Soviet Space Program
First Flight: 12/18/1973
Last Flight: 6/27/1978
Pyotr Ilyich Klimuk (Belarusian: Пётр Ільіч Кліму́к; Russian: Пётр Ильич Климу́к; born 10 July 1942) is a former Soviet cosmonaut and the first Belarusian to perform space travel. Klimuk made three flights into space.
Klimuk attended the Leninski Komsomol Chernigov High Aviation School and entered the Soviet Air Force in 1964. The following year, he was selected to join the space programme.
His first flight was a long test flight on Soyuz 13 in 1973. This was followed by a mission to the Salyut 4 space station on Soyuz 18 in 1975.
From 1976 he became involved in the Intercosmos and made his third and final spaceflight on an Intercosmos flight with Polish cosmonaut Mirosław Hermaszewski on Soyuz 30.
First Flight: 12/18/1973
Last Flight: 5/13/1982
Valentin Vitalyevich Lebedev (Russian: Валентин Витальевич Лебедев; born April 14, 1942 in Moscow) was a Soviet cosmonaut who made two flights into space. His stay aboard the Space Station Salyut 7 with Anatoly Berezovoy in 1982, which lasted 211 days, was recorded in the Guinness Book of Records.
Type: Human Exploration
Soyuz 13 launched on 18 December 1973, 11:55:00 UTC. It carried commander Pyotr Klimuk and flight engineer Valentin Lebedev into orbit. This mission was the second test flight of the modified Soyuz spacecraft. Crew spent 7 deays in orbit and carried out various astrophysical studies. They also obtained ultraviolet spectrograms of stars with the help of an Orion 2 Space Observatory onboard the spacecraft. Crew returned to Earth, landing on 26 December 1973, 08:50:35 UTC.
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Baikonur Cosmodrome, Republic of Kazakhstan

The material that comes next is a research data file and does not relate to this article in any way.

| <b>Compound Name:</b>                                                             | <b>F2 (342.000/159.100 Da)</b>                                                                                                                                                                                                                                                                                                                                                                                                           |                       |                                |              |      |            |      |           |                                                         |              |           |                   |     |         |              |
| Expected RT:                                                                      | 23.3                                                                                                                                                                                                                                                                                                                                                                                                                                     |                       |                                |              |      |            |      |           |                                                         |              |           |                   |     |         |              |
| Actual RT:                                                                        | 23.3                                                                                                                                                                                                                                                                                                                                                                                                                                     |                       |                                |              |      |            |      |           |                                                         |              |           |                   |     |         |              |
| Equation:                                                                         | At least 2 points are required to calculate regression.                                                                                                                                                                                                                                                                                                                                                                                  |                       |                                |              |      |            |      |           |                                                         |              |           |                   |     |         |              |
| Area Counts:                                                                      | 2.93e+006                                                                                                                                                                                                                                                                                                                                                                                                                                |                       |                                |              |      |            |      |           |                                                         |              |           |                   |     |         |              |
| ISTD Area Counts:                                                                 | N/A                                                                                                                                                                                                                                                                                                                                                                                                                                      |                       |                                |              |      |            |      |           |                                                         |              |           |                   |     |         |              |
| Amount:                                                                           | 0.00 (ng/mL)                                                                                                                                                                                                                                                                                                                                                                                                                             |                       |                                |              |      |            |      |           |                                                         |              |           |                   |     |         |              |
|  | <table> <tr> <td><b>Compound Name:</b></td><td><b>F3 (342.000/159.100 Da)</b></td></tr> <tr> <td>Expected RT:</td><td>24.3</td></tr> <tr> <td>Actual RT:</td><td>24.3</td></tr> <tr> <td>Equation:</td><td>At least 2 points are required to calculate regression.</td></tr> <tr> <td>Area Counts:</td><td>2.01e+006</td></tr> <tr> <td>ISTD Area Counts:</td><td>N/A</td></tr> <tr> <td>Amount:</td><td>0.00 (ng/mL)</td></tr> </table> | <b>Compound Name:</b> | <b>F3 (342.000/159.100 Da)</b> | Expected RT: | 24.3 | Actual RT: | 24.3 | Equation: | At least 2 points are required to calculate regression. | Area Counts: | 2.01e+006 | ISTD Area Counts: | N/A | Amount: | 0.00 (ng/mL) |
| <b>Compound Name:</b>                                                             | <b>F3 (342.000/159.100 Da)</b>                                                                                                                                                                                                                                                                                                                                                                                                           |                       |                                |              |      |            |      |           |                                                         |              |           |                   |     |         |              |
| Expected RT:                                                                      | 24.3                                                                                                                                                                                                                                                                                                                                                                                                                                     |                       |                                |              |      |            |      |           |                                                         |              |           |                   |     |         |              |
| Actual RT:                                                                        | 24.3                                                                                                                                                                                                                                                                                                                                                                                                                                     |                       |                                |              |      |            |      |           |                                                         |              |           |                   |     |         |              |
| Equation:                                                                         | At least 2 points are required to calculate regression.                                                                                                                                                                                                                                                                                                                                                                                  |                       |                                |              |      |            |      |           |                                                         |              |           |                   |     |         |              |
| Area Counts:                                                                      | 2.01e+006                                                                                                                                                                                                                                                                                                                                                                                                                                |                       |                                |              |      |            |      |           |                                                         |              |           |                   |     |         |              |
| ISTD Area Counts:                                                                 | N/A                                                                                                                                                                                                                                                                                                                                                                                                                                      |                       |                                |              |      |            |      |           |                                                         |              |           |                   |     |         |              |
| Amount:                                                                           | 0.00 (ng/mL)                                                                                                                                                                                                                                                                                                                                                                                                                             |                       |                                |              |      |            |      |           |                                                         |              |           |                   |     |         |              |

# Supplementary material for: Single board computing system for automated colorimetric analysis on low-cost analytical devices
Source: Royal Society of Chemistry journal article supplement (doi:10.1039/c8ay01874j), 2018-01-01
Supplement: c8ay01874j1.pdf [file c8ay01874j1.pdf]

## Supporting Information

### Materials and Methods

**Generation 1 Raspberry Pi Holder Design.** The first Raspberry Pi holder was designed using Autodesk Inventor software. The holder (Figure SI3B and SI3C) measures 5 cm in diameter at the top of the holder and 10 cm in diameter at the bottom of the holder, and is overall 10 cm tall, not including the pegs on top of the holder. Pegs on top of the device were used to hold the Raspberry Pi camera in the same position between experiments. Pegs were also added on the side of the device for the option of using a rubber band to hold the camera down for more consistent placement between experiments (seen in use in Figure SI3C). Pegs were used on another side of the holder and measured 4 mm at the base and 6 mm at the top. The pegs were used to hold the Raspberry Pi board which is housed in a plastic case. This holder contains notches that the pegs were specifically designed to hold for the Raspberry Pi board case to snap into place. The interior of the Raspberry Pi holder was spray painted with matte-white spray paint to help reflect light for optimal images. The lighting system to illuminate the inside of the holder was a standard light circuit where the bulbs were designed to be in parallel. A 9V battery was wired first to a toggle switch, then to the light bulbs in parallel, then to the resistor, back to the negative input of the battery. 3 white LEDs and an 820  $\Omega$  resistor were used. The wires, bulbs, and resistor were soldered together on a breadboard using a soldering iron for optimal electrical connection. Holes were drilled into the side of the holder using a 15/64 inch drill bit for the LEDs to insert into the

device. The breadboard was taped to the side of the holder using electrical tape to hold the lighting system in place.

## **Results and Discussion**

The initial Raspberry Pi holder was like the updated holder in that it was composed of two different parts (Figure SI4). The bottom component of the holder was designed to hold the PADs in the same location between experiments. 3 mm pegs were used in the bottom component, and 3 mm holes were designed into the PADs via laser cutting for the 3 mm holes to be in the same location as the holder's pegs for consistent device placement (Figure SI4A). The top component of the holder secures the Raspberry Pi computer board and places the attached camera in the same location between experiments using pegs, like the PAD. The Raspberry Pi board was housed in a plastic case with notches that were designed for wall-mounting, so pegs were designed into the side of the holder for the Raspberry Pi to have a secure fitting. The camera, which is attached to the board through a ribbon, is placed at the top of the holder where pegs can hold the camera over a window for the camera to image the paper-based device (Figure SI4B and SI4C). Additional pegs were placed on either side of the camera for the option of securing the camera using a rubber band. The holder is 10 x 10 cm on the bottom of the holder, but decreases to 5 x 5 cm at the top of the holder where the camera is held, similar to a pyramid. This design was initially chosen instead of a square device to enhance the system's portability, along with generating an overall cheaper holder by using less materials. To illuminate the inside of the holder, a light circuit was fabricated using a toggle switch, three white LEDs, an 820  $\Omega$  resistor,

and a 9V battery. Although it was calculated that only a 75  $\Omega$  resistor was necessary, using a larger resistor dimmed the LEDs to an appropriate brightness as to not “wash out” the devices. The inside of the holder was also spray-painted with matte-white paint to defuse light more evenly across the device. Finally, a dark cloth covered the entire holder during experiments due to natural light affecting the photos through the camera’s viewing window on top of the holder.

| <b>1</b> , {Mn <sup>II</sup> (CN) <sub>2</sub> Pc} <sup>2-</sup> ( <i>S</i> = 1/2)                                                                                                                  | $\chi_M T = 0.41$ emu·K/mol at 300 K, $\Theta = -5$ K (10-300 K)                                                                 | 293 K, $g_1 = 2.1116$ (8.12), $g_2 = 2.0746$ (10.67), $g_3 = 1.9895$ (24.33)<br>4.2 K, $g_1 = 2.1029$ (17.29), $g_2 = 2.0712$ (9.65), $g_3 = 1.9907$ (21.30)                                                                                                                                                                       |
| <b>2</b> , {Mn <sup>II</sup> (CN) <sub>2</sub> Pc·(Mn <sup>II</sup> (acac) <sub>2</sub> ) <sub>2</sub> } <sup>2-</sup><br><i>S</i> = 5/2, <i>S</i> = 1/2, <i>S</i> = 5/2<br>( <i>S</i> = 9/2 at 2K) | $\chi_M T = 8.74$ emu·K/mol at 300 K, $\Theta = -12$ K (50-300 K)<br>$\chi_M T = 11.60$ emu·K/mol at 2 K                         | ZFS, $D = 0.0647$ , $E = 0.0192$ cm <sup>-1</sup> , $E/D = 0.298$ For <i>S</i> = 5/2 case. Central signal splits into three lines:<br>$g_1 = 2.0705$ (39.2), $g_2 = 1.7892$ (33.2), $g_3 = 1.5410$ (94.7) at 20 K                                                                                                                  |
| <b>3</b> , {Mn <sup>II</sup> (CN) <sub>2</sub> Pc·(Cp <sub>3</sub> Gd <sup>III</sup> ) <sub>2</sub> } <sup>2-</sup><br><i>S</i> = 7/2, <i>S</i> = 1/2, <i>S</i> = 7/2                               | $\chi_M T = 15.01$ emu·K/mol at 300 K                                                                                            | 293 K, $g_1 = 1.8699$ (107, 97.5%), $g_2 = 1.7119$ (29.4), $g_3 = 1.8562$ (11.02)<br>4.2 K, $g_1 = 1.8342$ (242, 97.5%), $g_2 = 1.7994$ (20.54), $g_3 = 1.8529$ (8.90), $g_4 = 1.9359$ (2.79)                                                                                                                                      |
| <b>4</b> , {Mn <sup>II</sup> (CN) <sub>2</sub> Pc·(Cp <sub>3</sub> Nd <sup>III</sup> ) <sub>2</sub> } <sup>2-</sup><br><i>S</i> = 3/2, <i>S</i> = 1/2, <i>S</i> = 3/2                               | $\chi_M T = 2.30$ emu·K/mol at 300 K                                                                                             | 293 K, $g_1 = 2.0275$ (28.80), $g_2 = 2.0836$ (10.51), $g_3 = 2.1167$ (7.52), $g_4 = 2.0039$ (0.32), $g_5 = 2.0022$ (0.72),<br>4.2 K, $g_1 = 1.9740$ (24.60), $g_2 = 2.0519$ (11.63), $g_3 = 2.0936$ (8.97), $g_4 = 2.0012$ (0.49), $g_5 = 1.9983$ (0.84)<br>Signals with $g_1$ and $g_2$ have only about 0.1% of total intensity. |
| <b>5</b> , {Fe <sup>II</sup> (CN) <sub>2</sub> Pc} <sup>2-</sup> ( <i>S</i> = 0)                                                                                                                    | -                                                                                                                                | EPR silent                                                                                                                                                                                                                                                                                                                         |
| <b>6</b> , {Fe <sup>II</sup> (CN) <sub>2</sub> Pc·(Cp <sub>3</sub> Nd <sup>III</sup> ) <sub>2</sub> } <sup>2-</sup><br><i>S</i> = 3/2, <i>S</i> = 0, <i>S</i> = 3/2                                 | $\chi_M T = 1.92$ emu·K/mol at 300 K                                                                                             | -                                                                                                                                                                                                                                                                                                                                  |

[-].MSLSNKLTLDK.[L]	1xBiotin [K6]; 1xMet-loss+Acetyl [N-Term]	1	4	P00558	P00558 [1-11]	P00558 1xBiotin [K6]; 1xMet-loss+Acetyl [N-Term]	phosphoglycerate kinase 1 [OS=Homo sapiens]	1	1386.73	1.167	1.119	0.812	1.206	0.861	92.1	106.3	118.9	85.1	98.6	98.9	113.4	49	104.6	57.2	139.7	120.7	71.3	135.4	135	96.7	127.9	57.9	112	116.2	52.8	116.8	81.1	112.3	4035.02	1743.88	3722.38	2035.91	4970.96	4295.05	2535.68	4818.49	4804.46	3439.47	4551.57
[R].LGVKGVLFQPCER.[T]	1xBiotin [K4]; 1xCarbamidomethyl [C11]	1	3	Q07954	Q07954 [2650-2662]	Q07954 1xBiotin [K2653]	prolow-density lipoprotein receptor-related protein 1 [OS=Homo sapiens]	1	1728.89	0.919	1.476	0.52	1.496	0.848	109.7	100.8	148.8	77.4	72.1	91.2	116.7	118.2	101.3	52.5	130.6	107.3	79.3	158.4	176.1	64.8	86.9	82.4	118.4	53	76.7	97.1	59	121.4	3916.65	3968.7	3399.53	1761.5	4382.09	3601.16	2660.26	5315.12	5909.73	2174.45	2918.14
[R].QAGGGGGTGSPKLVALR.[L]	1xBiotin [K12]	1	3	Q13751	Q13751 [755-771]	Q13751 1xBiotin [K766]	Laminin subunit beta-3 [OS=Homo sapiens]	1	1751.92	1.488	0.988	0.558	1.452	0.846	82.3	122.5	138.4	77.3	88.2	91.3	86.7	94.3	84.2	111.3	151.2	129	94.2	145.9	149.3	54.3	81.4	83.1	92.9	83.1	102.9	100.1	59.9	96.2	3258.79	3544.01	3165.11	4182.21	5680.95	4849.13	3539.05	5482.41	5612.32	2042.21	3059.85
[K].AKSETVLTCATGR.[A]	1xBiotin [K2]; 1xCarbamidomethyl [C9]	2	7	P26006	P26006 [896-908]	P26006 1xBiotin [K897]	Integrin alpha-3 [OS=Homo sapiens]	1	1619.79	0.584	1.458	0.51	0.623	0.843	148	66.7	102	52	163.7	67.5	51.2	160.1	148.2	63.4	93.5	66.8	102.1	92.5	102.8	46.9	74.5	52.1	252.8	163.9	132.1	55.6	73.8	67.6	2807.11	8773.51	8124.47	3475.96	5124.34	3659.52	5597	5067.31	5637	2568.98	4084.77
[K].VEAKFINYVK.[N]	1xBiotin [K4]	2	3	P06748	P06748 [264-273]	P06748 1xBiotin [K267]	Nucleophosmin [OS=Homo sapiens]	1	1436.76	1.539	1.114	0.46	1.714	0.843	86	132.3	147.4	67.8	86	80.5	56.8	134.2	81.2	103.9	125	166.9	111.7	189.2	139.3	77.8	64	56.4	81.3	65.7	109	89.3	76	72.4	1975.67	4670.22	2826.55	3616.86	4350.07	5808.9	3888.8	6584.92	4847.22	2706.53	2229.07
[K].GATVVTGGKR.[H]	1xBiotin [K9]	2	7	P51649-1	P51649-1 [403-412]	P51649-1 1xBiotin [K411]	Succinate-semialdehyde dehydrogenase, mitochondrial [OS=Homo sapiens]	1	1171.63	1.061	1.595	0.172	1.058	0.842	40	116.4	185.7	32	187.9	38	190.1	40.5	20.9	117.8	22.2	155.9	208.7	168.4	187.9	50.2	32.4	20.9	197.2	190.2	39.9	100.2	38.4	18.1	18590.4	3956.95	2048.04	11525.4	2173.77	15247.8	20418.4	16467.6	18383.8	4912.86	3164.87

1543 rockets have launched from Baikonur Cosmodrome, Republic of Kazakhstan.
Soviet Space Program – CCCP
- Type: Government
- Abbreviation: CCCP
- Founded: 1931
- Country: RUS
The Soviet space program, was the national space program of the Union of Soviet Socialist Republics (USSR) actived from 1930s until disintegration of the Soviet Union in 1991.
The Soviet Union’s space program was mainly based on the cosmonautic exploration of space and the development of the expandable launch vehicles, which had been split between many design bureaus competing against each other. Over its 60-years of history, the Russian program was responsible for a number of pioneering feats and accomplishments in the human space flight, including the first intercontinental ballistic missile (R-7), first satellite (Sputnik 1), first animal in Earth orbit (the dog Laika on Sputnik 2), first human in space and Earth orbit (cosmonaut Yuri Gagarin on Vostok 1), first woman in space and Earth orbit (cosmonaut Valentina Tereshkova on Vostok 6), first spacewalk (cosmonaut Alexei Leonov on Voskhod 2), first Moon impact (Luna 2), first image of the far side of the Moon (Luna 3) and unmanned lunar soft landing (Luna 9), first space rover (Lunokhod 1), first sample of lunar soil automatically extracted and brought to Earth (Luna 16), and first space station (Salyut 1). Further notable records included the first interplanetary probes: Venera 1 and Mars 1 to fly by Venus and Mars, respectively, Venera 3 and Mars 2 to impact the respective planet surface, and Venera 7 and Mars 3 to make soft landings on these planets.